Dr. Owen Herring assumed the pastorate in 1939 and served until 1946, a period that included World War II. With soldiers from Camp Butner attending services at Watts Street and new families moving to Durham seeking a church home, a shift in membership occurred during this period, as the church’s old guard, including charter members, relinquished their leadership positions to a new generation. In essence, Watts Street went from a neighborhood church with membership focused in Trinity Park, to one that saw its mission as reaching out to the greater Durham community and beyond. Herring left his ministry at Watts Street when he accepted a position at Wake Forest College’s Department of Religion in 1946.
Warren Carr, whose tenure spanned 1946 to 1964, led the transformation of Watts Street Baptist Church from a strictly Southern Baptist congregation into the innovative, liberal, and open institution that it remains today. He doubled membership by preaching against segregation and brought a strong, intellectually challenging approach to theology that appealed to those associated with Duke University. Chief among his controversial stances was that immersion was not necessary for membership for those already baptized and his opposition to a literal interpretation of the Bible. In 1959, a committee, working with Carr and Herbert C. Bradshaw, editor of the Durham Morning Herald, revised the church covenant, a document that remained in effect until 1997. Under Carr, the first woman minister in the Southern Baptist Convention, Addie Davis, was ordained in 1964. The church’s physical plant expanded under Carr, undoubtedly due to congregational growth. In the early 1950s, the large north section of the rear educational wing was built following the design of architect Marion Ham, a church member. Later in the 1950s, the church purchased the parcel north of the sanctuary that now serves as the main parking lot.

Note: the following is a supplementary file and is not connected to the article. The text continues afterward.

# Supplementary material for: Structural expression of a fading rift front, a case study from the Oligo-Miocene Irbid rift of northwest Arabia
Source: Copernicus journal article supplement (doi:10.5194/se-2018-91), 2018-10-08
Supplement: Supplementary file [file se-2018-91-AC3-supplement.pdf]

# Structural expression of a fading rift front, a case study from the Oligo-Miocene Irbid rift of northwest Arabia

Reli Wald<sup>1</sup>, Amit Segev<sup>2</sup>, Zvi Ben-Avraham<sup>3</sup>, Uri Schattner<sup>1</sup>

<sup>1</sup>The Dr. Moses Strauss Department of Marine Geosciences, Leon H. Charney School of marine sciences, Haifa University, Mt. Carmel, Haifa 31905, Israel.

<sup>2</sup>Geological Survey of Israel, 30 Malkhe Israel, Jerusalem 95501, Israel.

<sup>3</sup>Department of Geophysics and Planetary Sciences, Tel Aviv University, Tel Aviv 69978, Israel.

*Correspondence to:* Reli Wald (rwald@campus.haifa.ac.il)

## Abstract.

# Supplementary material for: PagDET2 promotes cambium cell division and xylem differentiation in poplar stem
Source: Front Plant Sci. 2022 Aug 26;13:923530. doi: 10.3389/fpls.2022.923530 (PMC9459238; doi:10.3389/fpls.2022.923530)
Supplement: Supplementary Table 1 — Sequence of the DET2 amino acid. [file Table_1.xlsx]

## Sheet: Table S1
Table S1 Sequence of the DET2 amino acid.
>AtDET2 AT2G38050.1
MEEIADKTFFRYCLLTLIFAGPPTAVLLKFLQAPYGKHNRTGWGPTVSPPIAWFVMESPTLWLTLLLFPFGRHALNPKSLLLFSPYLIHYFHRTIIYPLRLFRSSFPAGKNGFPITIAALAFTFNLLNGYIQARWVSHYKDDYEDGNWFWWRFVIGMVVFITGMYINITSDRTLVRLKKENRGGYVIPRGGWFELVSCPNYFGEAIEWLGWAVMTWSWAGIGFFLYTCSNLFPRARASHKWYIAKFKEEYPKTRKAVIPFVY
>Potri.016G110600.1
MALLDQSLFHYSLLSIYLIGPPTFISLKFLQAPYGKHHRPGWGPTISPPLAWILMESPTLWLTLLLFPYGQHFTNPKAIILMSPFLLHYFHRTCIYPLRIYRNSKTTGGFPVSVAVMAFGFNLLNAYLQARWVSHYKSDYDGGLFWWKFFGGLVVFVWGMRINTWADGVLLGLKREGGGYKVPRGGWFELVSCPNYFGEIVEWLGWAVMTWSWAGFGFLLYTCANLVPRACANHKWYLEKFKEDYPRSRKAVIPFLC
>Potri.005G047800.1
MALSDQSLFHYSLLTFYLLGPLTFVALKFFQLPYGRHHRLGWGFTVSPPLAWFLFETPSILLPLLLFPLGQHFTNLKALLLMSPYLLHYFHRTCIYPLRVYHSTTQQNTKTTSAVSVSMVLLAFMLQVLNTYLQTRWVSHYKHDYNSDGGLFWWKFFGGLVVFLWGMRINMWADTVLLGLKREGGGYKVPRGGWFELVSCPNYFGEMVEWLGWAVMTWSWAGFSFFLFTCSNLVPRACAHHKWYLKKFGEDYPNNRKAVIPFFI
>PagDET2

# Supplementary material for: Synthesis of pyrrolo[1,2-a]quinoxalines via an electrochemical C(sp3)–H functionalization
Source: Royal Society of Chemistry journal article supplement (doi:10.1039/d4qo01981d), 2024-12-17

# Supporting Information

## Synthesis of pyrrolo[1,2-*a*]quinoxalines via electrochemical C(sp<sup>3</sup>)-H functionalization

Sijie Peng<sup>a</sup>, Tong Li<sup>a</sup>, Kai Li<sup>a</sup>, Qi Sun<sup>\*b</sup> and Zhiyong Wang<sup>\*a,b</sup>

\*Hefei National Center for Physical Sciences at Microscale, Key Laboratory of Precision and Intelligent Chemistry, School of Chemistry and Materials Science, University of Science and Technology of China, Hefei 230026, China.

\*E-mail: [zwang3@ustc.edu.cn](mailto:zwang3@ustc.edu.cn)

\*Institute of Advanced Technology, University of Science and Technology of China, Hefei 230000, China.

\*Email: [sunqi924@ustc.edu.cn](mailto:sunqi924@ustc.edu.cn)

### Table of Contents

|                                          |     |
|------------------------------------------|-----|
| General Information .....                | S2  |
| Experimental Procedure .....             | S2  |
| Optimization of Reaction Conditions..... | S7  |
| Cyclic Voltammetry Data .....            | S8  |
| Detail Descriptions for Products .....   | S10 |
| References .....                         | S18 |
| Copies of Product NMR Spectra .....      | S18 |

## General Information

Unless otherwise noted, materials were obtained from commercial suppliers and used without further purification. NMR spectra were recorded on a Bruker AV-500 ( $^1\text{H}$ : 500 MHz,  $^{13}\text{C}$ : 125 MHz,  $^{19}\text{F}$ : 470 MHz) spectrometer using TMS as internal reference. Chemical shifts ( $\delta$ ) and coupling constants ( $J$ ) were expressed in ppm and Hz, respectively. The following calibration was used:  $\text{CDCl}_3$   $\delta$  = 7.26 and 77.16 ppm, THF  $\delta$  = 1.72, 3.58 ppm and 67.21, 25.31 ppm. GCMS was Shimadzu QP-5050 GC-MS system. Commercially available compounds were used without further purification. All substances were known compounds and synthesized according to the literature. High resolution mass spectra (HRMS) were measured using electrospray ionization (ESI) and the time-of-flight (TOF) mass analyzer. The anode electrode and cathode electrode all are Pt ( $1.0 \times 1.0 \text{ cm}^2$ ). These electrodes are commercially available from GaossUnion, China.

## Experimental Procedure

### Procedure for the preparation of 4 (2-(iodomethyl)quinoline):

In 1964, Bob McClernon replaced Carr, who accepted a position at Wake Forest Baptist Church in Winston-Salem. Increased progressivism marked McClernon’s tenure. During his pastorate, Watts Street accepted baptized members without immersion, transferred more authority and responsibility from the deaconate to the wider congregation, and reached out to the needy in Durham through missions. Delores Atkins became the first female member of the Diaconate in 1966, followed soon thereafter by Beth Upchurch. Watts Street Church affiliated with the American Baptist Convention and became one of the original members of the American Baptist Churches of the South, which was composed primarily of black congregations. Notably during McClernon’s time at Watts Street, lay leaders became actively involved in worship services, and in 1975, deacons were each assigned a group of church members for whom they would care. Under his leadership, church-wide business meetings started and administrative affairs became more transparent. In 1969, the church installed the Austin organ and the baptism pool was placed in the space to the left of the chancel. The Moravian Lovefeast and the Chrismon project, in which women of the church make handmade decorations for the sanctuary Christmas tree, were initiated in 1973. The first annual church bazaar started in November 1977. A major shift in staffing occurred in 1979 when Richard Chorley became the Minister of Christian Education, replacing a series of part-time or short-term appointees. Other important events that occurred during the McClernon years were the first All Ages Beach Retreat in 1982, and in the mid-1980s, Watts Street church members helped to found the Durham chapter of Habitat for Humanity. However, perhaps McClernon’s greatest legacy remains the significant expansion in local missions, a move that earned Watts Street a reputation as the church in Durham most focused on outreach to the poor and needy. After 22 years as pastor, McClernon left Watts Street in 1987 to become a social worker at John Umstead State Hospital.
Mel Williams, Jr.